What assessment her Department has made of the effectiveness of UK sanctions on Russia in reducing international trade with that country.
I am very busy today, Mr Speaker. In co-ordination with our allies, we are introducing the largest and most severe economic sanctions that Russia has ever faced, to help cripple Putin’s war machine. We are denying Russia most-favoured-nation treatment relating to hundreds of key products, ramping up the pressure on Russia’s economy by making it more difficult for it to trade by imposing punitive tariffs of 35%. We are prohibiting the export of certain goods, including critical technologies and luxury goods, and finally we are also phasing out the import of Russian oil and coal to deny it access to lucrative energy revenues. Details can be found in the impact assessment on gov.uk.
I am grateful to my right hon. Friend for that answer. Last week I visited Poland with Conservative colleagues as part of Project Maja, the Conservative social action project. It included a visit to the Russian border, and what is usually a very busy border crossing with lots of commerce on both sides was, obviously, eerily quiet. The economic impact of this war is going to be long lasting for the neighbours in that region for some time, so does my right hon. Friend agree that it is important that we do all we can to boost trade with them?
I thank my hon. Friend for his commitment to our eastern European neighbours and allies. This is an incredibly difficult time for all of them, not only in security terms but in terms of economics and trade as well. I will meet the Ukrainian ambassador this afternoon to discuss further ways in which we can support them and help Ukrainian businesses to continue to trade as easily as possible, and we are working very closely with CBIs in the region to help them find solutions. This is a very difficult situation, and the UK, working in concert with the US and the EU, will do all we can both to stop the trade and opportunities for Putin to raise cash to fund his war machine, and to ensure that those countries that are standing by Ukraine, providing it with defensive support and incredible humanitarian support to keep its citizens safe, will be able to trade as easily as possible through this difficult crisis.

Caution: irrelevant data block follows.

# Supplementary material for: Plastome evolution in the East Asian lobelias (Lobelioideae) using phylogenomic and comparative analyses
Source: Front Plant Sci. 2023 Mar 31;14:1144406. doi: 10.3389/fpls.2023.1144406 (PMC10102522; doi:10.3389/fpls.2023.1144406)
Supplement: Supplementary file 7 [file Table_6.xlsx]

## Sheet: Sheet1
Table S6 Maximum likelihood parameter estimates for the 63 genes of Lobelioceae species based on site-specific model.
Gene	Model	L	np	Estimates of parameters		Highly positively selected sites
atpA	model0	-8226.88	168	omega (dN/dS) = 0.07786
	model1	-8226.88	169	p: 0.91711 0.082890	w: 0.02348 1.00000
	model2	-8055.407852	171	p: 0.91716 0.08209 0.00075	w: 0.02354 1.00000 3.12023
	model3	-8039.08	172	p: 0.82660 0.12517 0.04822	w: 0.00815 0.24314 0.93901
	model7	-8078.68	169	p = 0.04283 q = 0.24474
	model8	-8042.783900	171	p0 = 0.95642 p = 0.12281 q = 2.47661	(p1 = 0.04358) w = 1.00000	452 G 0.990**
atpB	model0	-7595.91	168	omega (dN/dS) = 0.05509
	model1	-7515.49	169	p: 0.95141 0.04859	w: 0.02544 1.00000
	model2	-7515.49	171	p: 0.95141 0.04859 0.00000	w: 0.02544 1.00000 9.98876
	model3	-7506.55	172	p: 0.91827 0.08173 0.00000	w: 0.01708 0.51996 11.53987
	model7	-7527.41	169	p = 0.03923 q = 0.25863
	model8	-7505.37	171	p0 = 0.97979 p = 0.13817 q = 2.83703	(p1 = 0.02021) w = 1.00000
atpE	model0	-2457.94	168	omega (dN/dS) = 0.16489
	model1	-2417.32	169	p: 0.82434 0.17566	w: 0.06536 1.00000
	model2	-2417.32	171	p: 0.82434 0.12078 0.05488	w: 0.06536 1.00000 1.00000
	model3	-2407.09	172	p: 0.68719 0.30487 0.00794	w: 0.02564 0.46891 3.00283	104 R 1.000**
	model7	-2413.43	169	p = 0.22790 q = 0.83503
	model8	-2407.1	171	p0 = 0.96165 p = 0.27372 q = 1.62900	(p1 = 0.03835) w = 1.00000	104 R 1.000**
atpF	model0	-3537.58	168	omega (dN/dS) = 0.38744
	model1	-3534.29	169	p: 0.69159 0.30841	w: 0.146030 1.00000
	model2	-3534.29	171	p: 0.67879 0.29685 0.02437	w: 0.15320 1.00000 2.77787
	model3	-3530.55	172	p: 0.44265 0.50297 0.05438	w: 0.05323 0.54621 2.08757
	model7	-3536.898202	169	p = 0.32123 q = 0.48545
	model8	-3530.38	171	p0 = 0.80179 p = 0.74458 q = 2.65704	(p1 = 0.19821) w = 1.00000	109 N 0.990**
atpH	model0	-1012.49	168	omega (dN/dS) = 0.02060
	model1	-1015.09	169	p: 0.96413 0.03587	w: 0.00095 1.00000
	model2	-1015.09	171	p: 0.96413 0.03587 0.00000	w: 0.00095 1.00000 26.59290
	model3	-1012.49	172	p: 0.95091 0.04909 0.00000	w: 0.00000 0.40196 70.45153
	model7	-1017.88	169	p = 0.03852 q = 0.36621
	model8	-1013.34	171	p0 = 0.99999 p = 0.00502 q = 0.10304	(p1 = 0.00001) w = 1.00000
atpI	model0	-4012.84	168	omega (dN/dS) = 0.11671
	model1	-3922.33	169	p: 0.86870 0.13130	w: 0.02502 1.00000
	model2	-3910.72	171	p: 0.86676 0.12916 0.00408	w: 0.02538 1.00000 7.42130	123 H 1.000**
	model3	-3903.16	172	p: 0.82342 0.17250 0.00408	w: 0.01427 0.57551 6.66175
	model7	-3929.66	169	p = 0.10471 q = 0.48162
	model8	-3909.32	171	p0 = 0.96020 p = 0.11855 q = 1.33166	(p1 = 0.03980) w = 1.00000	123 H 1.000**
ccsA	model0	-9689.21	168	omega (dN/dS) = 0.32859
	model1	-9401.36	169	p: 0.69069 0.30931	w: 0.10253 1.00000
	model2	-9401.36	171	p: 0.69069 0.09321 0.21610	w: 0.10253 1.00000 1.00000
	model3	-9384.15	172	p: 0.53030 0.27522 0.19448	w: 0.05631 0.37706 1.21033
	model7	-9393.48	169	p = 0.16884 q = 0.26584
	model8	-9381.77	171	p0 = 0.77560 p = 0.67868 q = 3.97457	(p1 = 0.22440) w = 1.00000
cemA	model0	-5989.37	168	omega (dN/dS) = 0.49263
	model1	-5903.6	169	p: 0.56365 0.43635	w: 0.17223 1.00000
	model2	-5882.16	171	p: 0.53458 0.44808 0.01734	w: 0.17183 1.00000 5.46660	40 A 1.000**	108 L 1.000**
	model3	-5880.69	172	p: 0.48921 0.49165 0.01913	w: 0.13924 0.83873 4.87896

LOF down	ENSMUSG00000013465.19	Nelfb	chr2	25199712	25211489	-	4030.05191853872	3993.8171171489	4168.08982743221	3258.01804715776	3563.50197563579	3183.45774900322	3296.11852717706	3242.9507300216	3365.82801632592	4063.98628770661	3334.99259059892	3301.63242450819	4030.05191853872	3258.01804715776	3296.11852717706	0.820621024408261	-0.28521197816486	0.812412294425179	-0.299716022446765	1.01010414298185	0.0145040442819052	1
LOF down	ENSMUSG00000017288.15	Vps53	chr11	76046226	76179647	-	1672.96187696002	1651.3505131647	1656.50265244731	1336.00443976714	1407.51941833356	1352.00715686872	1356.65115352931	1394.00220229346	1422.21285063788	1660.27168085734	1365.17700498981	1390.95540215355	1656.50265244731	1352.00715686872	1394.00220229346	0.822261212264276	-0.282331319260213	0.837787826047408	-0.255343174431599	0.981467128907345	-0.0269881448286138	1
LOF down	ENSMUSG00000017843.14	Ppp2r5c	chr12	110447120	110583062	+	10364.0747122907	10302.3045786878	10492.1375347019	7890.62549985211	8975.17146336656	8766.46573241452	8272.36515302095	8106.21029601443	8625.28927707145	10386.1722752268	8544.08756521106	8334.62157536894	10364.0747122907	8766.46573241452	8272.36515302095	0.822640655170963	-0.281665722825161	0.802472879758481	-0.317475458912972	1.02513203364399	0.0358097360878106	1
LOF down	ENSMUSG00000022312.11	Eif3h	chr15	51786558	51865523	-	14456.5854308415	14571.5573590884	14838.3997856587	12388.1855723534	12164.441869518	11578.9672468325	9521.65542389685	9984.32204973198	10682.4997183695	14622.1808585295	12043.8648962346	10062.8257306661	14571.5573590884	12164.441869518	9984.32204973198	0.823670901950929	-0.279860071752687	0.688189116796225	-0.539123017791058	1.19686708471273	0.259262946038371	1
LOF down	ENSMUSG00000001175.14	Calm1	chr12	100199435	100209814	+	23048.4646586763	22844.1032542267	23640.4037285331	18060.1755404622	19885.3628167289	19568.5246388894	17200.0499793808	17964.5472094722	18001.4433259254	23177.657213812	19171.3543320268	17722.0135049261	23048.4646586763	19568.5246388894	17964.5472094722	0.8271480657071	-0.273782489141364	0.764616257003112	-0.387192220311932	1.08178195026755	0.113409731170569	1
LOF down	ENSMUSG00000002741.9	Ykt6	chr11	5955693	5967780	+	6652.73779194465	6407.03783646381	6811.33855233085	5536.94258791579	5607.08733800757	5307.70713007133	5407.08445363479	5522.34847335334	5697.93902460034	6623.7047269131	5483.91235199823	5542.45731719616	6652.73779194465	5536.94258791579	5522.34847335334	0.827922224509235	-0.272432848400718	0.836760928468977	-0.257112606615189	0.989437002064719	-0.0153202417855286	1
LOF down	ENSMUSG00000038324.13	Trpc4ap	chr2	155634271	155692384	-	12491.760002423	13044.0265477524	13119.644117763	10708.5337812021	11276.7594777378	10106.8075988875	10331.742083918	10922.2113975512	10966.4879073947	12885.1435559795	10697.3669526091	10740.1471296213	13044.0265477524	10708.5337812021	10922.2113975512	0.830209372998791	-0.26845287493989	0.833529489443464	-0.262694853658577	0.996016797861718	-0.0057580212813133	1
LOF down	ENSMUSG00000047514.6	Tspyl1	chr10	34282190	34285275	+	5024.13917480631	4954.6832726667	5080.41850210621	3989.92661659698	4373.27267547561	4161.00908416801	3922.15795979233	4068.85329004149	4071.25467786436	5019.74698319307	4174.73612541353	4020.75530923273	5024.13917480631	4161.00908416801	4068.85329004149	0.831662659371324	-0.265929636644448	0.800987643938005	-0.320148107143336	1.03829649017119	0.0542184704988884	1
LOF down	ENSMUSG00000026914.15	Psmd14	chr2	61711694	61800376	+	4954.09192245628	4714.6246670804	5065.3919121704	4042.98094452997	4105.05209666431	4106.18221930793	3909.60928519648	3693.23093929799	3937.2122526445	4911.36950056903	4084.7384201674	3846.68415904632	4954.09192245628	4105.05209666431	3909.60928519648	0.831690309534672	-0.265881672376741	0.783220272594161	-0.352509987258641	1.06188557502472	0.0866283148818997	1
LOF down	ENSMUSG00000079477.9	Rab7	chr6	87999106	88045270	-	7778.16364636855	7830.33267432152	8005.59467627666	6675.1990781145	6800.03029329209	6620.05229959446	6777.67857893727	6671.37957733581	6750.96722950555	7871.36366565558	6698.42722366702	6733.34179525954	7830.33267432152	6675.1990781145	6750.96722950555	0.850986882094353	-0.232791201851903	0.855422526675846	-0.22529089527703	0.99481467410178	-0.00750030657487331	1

Let us move on to Jim Shannon.
I thank the Secretary of State very much for her response to the question. This United Kingdom of Great Britain and Northern Ireland is united in its campaign to put sanctions on Russia. The effects include some companies across the United Kingdom, but companies in Northern Ireland in particular are having to find alternative places to sell their products and alternative sources to purchase products that they usually buy from Russia. What has been done to help those UK companies, including those in Northern Ireland?
Indeed, as I mentioned earlier, this is difficult for some businesses. Our export support service has been focused on supporting those businesses with difficulties created by their Russian or Belarusian supply chains. It is a pleasure to be able to say that it has been extraordinary to witness so many businesses taking such decisions, even though it is economically difficult for them, because it is the right thing to do morally to step away from anything to do with Russia. Huge credit and thanks to all the businesses taking those very difficult economic decisions.
Looking at Northern Ireland, while some businesses are suffering, businesses such as Thales in Northern Ireland have been extraordinary in helping to provide support by providing the NLAWs—next-generation light anti-tank weapons—and defensive equipment that can help the Ukrainians fight the Putin war machine. Enormous thanks to all those businesses that are helping to support us and are working with the Ministry of Defence in particular to make sure that we can support the Ukrainians with the defensive equipment they need.